THE BLOG
07/25/2016 05:55 pm ET Updated Dec 06, 2017

Carlsen Wins Bilbao Chess Masters

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Txapeldun, a traditional Basque beret honoring brave champions, was bestowed on Magnus Carlsen on Saturday. The world chess champion won the 2016 Bilbao Masters with a dominant performance. He clinched the event twice before after sharing first place and triumphing in the playoff - in 2011 against Vasyl Ivanchuk and in 2012 against Fabiano Caruana. This year was different. Carlsen turned the other world-class players into spectators.

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From the left: Sergey Karjakin, Wei Yi, Hikaru Nakamura, Carlsen, Wesley So, Anish Giri

Carlsen won four games, one more than all his opponents combined. He started slowly. For the first time he lost to Hikaru Nakamura in a tournament with the classical time limit. He wowed to play sharper and with a string of three victories catapulted himself into the lead and never relinquished it. His last victory came against Anish Giri, whom he has never beaten in the classical tournaments before.

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Bilbao has been encouraging players to fight and to win games for years by using the soccer point system, with three points for a win and one point for a draw. It didn't quite work this year, with only 23 percent of decisive games. Carlsen was the major benefactor, securing the tournament victory with one round to go.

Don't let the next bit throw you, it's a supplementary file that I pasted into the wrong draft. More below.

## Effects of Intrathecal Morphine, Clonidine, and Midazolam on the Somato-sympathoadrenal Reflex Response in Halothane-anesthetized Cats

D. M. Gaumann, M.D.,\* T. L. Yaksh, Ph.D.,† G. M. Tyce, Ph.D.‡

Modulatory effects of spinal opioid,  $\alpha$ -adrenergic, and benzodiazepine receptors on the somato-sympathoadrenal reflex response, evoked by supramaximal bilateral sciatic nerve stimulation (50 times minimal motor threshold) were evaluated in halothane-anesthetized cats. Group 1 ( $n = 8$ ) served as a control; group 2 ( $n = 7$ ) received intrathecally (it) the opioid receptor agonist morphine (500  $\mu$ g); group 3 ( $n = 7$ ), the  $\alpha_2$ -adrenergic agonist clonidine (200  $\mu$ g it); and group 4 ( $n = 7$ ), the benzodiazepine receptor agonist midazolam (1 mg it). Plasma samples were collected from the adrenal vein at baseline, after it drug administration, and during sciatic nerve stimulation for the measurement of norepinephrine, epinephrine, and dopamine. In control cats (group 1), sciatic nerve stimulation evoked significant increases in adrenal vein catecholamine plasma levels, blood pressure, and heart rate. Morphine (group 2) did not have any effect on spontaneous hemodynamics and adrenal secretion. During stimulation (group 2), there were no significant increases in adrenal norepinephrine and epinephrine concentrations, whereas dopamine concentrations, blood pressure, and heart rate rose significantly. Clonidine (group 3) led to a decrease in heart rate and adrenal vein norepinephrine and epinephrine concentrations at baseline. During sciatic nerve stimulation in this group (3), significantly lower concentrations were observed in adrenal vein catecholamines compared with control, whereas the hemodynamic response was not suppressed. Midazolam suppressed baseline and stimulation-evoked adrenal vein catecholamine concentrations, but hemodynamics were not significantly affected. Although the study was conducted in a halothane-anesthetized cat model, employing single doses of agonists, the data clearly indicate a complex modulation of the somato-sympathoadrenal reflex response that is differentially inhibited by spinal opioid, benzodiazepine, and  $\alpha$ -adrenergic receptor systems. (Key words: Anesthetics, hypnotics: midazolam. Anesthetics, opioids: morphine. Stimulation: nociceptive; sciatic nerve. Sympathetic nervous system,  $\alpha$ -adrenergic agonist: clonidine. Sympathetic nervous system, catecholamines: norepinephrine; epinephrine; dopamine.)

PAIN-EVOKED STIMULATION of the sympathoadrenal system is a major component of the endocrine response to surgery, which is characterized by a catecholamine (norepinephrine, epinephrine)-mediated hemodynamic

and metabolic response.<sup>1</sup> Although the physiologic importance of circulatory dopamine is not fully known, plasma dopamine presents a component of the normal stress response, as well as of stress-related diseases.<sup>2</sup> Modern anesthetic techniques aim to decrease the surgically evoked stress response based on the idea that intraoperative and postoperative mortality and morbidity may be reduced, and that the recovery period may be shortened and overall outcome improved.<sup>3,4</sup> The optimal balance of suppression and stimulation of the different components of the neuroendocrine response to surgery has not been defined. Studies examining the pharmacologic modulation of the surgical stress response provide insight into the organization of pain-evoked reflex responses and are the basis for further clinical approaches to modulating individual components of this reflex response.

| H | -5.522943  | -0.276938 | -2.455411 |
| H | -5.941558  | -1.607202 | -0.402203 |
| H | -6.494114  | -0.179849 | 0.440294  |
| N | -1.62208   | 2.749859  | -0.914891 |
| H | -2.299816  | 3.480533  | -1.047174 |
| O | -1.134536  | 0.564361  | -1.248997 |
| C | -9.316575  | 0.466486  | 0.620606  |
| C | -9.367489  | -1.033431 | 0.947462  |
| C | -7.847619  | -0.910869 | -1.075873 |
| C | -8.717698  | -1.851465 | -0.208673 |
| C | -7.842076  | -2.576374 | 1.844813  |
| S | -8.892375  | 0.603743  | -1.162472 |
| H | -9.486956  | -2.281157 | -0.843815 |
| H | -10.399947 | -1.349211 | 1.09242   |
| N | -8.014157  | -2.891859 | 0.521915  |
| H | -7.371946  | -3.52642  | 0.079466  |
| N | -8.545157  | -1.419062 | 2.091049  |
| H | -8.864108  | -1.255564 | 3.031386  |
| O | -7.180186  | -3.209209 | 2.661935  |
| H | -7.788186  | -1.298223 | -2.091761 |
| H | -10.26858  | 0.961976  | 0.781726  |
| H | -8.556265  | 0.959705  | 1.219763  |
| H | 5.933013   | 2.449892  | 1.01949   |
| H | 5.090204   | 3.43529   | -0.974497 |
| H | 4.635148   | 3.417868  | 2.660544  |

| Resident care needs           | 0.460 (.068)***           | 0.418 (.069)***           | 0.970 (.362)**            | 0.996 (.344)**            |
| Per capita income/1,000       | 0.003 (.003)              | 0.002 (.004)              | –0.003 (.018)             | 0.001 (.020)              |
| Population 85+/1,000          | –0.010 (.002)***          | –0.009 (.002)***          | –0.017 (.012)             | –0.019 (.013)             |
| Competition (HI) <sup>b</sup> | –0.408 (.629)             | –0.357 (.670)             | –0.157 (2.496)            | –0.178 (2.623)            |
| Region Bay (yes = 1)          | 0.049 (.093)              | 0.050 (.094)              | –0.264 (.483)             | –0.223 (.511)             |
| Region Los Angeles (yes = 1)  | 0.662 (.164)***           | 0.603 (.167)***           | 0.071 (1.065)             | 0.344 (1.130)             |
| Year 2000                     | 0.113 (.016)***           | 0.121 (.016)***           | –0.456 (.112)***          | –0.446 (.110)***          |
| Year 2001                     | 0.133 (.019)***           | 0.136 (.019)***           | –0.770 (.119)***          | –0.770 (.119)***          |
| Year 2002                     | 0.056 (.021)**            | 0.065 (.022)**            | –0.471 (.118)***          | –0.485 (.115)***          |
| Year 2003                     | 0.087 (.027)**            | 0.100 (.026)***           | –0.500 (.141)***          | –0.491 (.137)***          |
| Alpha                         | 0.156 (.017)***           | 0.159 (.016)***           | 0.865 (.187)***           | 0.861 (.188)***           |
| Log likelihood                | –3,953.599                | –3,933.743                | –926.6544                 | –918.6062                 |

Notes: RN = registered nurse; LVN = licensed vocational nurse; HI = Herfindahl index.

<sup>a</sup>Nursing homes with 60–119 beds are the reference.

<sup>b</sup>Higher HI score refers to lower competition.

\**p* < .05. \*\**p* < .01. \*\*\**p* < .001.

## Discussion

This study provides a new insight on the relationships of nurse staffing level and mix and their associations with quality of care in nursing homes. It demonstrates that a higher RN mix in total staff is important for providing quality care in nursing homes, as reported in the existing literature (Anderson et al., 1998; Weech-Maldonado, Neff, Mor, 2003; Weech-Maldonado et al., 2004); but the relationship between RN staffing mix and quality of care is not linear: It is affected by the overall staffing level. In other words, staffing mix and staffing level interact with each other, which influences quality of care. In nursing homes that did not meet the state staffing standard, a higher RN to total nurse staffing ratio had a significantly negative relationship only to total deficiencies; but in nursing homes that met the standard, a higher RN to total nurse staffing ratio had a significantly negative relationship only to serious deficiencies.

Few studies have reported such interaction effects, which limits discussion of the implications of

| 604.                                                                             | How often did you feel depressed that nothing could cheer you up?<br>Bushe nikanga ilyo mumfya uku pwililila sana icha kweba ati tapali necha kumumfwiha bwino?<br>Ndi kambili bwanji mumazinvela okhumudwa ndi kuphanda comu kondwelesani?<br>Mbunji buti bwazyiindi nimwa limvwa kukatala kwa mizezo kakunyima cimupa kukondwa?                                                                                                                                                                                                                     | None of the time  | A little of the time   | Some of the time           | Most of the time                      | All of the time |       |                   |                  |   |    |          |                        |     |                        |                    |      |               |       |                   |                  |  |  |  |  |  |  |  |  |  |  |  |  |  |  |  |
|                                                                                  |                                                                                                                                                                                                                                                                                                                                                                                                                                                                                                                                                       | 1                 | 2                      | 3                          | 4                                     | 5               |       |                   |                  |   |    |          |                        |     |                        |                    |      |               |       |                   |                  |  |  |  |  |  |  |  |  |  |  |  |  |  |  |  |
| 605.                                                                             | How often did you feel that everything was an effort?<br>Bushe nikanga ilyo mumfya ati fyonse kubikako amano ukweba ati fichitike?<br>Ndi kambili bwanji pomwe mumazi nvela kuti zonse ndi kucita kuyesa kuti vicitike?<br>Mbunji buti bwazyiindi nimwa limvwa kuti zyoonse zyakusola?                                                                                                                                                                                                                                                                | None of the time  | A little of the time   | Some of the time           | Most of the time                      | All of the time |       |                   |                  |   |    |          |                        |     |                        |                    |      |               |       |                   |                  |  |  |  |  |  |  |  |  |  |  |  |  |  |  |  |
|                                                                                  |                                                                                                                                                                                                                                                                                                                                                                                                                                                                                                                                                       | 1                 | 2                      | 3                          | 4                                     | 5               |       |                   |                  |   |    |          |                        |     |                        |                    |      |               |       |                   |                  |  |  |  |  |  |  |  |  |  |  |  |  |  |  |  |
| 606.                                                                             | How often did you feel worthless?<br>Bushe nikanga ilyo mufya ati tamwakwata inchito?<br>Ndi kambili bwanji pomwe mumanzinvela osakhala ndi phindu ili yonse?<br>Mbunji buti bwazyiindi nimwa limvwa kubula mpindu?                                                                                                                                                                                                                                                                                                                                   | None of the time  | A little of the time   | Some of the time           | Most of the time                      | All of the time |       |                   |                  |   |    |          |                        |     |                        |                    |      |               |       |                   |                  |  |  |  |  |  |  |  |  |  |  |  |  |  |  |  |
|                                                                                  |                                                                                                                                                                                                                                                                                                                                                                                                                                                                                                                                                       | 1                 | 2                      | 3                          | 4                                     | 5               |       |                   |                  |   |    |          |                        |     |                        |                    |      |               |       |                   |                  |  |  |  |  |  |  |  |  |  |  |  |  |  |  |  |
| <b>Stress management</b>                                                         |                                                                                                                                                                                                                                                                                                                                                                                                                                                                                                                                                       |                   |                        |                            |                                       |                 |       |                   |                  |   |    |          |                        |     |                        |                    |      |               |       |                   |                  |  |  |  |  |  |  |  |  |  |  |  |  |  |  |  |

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The Bilbao Masters offered a two-game preview of the world championship match between Carlsen and Karjakin, scheduled for November. It didn't look good for the Russian challenger. Carlsen took care of the first game. He was increasing his advantage slowly and meticulously, turning it eventually into an unstoppable mating attack.

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Carlsen,Magnus - Karjakin,Sergey

Bilbao Masters 2016

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The protection of the black king is weakened by the missing g-pawn and Carlsen launches a kingside attack.
31.g4!? a5 32.Rg2 Nh7
The strength of White's attack is demonstrated by this variation: 32...a4 33.g5! hxg5 34.Rxg5!! Ne8 35.Rfg1! f6 (35...axb3 36.Qg3+-) 36.Rg6! axb3 37.Qh5 e6 38.Rh6 and White mates.
33.h4 Rb6
Karjakin rushes his rook back to help the king.
34.g5!
The offensive begins and Karjakin has to decide how to set-up his defense.
34...Kh8
After 34...Rg6 35.Rfg1 the pressure is mounting, but it was the best choice. Exchanging the g-pawns gives White the h-file for the onslaught. One possible line is 34...hxg5 35.hxg5 Rg6 36.Qh5 Qd6 37.Rfg1 Rd8 38.Rh2 Nf8 39.Rf1 threatening 40.Qf3.
35.Rfg1 f5?
Karjakin was probably fed up with a passive defense, but his last move makes Carlsen's task easier. But 35...Rg6 36.Ba4 (36.gxh6 Bxh6=) 36...Qc8 37.Rh2 still leaves White in command.
36.Qh3!

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An unpleasant pin that allows White the final attack along the g-file.
36...Rb4?
Nothing helps, for example: 36...Rd6 37.gxh6 Bxh6 38.Qg3 Nf6 39.Qxe5+-; or 36...hxg5 37.hxg5 Rg6 38.Rh2+-. But leaving the sixth rank speeds up the defeat.
37.gxh6! Bxh6 38.Qg3!
A nasty double-attack, threatening 39.Qg8+! and 39.Qxe5. White also wins after 38.Rg6 Bf4 39.Qg2 Nf6 40.d6 Ng4 (40...Rxb3 41.axb3 Qxd6 42.Nd5+-) 41.exf5+-.
38...Nf6 39.Qg6! Ng4 40.Rxg4 Black resigned.
White wins after 40...fxg4 41.Qxh6+ Kg8 42.Qg6+ Kh8 43.Qh5+ Kg7 44.Rxg4+.